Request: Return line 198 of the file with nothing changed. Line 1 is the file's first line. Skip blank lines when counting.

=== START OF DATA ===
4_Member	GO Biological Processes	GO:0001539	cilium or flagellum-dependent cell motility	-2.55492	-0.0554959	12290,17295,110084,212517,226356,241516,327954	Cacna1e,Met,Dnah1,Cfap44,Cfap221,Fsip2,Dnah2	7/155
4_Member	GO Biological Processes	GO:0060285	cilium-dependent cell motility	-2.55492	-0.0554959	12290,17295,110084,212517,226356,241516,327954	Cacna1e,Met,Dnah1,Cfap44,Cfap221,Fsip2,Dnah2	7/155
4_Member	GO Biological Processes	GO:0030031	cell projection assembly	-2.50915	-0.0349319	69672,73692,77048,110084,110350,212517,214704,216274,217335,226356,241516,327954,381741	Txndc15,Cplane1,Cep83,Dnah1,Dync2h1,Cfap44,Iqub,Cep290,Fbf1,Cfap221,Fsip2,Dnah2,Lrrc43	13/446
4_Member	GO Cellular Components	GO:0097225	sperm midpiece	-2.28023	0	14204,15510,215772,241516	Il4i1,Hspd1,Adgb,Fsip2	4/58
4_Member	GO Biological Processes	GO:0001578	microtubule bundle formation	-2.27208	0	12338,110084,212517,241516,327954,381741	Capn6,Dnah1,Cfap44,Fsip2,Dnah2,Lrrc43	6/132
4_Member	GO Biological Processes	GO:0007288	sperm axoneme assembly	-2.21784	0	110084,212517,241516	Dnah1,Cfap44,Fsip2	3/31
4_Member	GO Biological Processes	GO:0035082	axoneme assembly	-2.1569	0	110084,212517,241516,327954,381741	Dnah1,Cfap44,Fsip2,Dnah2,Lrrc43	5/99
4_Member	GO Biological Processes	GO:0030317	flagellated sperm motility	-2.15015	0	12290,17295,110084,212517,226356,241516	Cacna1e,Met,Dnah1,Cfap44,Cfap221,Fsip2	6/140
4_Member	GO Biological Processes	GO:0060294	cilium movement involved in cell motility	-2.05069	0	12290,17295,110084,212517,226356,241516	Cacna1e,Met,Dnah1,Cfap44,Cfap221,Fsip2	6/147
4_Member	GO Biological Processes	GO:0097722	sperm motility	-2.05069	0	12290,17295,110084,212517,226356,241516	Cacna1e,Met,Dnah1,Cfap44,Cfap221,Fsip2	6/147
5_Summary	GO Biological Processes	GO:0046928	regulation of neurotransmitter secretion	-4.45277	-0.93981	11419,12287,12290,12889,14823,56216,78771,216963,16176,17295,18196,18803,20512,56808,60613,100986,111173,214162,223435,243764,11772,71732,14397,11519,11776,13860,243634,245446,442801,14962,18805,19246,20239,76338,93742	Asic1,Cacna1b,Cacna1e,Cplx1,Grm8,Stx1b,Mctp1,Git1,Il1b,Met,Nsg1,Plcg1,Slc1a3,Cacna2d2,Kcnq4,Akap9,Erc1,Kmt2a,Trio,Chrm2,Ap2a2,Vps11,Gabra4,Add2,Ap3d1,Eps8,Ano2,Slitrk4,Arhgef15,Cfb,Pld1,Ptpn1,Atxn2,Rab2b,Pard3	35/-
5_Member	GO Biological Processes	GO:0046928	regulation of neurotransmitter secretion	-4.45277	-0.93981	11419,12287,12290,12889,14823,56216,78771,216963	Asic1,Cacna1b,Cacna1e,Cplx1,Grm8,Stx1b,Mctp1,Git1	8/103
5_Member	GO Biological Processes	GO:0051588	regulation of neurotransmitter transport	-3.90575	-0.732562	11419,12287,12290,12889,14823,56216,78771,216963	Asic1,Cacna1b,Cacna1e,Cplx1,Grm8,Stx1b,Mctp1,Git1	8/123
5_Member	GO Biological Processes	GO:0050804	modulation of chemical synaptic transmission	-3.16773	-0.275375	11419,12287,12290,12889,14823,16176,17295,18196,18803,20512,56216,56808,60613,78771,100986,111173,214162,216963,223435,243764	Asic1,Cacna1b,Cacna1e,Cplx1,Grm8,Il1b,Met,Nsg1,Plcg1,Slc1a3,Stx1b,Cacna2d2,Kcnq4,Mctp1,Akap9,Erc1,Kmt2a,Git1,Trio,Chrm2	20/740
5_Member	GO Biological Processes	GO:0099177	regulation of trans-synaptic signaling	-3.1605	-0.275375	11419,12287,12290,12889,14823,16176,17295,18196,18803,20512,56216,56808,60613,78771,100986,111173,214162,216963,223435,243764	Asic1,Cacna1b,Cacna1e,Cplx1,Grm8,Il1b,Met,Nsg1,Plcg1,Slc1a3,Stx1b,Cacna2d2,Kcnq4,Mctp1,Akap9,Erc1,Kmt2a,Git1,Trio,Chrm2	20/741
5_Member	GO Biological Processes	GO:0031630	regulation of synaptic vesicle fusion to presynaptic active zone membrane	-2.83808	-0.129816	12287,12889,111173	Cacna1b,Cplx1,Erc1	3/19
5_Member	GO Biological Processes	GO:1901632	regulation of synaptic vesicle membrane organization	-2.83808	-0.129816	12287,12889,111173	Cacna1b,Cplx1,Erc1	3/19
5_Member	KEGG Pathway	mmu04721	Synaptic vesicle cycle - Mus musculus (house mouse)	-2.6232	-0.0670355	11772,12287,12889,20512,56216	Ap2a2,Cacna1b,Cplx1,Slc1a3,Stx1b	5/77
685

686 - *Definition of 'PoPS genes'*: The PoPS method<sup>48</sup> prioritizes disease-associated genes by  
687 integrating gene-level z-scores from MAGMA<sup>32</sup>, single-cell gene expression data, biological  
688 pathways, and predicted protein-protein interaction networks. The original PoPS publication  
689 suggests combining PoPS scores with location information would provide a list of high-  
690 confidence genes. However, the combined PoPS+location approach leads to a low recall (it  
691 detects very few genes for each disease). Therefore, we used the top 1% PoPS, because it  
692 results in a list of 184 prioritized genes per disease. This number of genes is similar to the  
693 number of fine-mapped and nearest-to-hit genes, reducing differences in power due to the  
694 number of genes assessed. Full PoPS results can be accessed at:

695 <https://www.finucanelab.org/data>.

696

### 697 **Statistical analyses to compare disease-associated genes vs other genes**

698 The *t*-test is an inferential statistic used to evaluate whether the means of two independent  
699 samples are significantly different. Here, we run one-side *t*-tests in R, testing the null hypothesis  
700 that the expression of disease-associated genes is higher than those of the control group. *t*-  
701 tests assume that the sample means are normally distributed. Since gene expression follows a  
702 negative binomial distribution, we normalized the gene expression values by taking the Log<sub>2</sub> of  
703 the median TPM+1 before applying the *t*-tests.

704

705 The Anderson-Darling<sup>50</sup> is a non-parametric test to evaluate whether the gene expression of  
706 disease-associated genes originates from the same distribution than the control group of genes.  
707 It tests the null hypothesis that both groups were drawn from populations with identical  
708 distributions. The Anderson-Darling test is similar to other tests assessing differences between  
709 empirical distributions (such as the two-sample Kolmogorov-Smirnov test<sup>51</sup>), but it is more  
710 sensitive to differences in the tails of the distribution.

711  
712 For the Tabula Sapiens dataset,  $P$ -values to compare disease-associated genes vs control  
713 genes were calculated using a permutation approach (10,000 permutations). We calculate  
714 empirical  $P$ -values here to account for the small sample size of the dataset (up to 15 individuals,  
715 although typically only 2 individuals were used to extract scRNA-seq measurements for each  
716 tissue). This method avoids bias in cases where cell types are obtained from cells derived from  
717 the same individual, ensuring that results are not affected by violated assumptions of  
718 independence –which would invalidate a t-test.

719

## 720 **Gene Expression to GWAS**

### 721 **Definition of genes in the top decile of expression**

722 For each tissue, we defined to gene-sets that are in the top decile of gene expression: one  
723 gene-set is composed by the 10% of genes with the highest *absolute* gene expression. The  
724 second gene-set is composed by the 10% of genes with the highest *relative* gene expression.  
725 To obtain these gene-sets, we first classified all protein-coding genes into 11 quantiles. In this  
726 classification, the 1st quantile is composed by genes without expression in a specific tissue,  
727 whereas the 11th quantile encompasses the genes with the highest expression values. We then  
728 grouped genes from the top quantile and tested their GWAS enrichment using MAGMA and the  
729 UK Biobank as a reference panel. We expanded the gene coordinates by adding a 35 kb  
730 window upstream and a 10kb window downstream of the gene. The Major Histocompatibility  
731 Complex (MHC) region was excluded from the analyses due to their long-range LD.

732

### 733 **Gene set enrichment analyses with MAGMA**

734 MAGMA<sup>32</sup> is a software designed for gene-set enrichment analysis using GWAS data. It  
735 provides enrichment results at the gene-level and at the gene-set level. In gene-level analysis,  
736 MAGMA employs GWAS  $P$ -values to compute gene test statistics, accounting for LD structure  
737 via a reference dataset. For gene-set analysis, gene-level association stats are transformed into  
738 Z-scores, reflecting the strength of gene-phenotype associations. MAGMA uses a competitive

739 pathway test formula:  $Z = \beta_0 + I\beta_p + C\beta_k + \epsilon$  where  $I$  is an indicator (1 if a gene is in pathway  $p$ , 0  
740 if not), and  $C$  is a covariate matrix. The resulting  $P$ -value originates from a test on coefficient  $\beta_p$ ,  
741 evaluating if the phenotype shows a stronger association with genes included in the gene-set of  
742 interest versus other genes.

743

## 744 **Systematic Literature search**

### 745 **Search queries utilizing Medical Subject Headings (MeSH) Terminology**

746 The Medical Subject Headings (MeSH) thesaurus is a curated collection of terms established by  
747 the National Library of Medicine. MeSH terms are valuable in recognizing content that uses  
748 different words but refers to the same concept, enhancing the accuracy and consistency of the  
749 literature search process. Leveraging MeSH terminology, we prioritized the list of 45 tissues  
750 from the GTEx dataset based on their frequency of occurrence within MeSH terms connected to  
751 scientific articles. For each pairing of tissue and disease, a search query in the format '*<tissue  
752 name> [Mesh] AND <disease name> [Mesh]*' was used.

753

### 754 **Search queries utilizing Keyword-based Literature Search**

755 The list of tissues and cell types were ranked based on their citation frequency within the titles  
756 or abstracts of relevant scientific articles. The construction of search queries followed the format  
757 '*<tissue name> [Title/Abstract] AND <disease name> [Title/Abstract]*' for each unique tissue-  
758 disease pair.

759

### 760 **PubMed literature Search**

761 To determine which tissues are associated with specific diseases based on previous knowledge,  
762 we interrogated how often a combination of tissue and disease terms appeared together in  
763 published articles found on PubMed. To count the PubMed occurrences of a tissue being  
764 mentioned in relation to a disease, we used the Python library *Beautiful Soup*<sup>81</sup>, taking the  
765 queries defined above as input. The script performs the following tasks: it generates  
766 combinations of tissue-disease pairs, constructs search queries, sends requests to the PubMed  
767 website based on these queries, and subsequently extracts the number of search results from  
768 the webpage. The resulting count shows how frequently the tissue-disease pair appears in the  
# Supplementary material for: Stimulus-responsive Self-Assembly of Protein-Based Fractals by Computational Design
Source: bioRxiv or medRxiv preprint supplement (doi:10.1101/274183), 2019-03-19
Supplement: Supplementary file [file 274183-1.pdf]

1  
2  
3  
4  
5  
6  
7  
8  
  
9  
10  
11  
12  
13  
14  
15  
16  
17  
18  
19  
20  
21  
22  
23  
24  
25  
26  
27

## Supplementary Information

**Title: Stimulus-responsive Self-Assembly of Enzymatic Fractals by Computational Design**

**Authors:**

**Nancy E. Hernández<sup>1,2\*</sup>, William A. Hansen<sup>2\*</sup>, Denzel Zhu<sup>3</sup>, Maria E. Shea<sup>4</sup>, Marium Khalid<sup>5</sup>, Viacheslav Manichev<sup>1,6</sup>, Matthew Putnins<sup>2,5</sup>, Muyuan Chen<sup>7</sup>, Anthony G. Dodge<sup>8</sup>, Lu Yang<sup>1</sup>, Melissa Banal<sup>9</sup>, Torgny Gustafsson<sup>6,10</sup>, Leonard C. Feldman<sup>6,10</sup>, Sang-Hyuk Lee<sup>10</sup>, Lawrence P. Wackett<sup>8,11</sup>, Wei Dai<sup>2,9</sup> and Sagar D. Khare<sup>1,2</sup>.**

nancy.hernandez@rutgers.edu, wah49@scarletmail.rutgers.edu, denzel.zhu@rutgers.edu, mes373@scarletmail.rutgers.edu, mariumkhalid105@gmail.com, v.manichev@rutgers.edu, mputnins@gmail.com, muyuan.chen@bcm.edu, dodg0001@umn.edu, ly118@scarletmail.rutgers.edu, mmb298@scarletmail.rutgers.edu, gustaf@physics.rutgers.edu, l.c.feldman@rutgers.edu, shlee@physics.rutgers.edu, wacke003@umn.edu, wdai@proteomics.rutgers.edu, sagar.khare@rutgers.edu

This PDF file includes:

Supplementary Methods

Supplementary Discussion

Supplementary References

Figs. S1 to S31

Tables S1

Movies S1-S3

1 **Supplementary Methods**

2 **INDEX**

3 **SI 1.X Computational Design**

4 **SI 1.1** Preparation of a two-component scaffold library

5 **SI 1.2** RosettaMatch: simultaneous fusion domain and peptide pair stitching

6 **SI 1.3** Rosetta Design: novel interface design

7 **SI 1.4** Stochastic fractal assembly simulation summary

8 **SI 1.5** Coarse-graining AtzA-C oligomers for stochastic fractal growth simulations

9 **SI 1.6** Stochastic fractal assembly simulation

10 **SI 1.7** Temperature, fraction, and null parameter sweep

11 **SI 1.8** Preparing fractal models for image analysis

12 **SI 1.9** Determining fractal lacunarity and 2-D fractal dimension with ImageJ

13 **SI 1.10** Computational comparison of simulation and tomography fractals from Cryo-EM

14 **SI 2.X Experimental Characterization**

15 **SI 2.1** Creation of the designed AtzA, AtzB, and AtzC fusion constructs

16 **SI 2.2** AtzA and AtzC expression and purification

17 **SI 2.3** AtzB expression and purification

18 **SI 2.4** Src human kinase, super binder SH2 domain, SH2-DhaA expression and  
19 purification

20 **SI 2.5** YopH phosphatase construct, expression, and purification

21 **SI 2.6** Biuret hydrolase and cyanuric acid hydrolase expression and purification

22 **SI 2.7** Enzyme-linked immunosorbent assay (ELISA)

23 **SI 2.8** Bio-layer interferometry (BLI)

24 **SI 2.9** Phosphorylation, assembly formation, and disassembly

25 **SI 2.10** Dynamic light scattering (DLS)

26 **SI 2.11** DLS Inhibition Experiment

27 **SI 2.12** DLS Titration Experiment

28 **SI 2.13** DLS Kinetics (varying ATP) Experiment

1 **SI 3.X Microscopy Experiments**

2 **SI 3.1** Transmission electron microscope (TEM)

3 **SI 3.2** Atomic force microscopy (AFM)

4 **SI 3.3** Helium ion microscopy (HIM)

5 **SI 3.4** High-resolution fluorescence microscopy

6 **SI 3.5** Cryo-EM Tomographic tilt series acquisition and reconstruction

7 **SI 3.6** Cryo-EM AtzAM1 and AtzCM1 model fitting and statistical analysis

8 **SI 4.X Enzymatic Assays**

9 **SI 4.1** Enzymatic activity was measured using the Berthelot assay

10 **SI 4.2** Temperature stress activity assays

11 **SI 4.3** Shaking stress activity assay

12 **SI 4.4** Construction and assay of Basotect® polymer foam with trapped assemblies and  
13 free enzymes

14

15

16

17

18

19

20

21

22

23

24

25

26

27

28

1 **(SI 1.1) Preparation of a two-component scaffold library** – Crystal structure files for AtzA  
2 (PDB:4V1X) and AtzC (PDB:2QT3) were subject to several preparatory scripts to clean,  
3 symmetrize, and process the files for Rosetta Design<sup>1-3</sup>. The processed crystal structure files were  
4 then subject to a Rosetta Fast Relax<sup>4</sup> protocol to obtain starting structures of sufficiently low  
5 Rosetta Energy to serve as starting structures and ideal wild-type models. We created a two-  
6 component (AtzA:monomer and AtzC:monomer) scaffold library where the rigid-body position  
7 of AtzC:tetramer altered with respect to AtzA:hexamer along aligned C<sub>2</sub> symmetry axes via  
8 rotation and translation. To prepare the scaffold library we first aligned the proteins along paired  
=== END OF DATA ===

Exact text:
26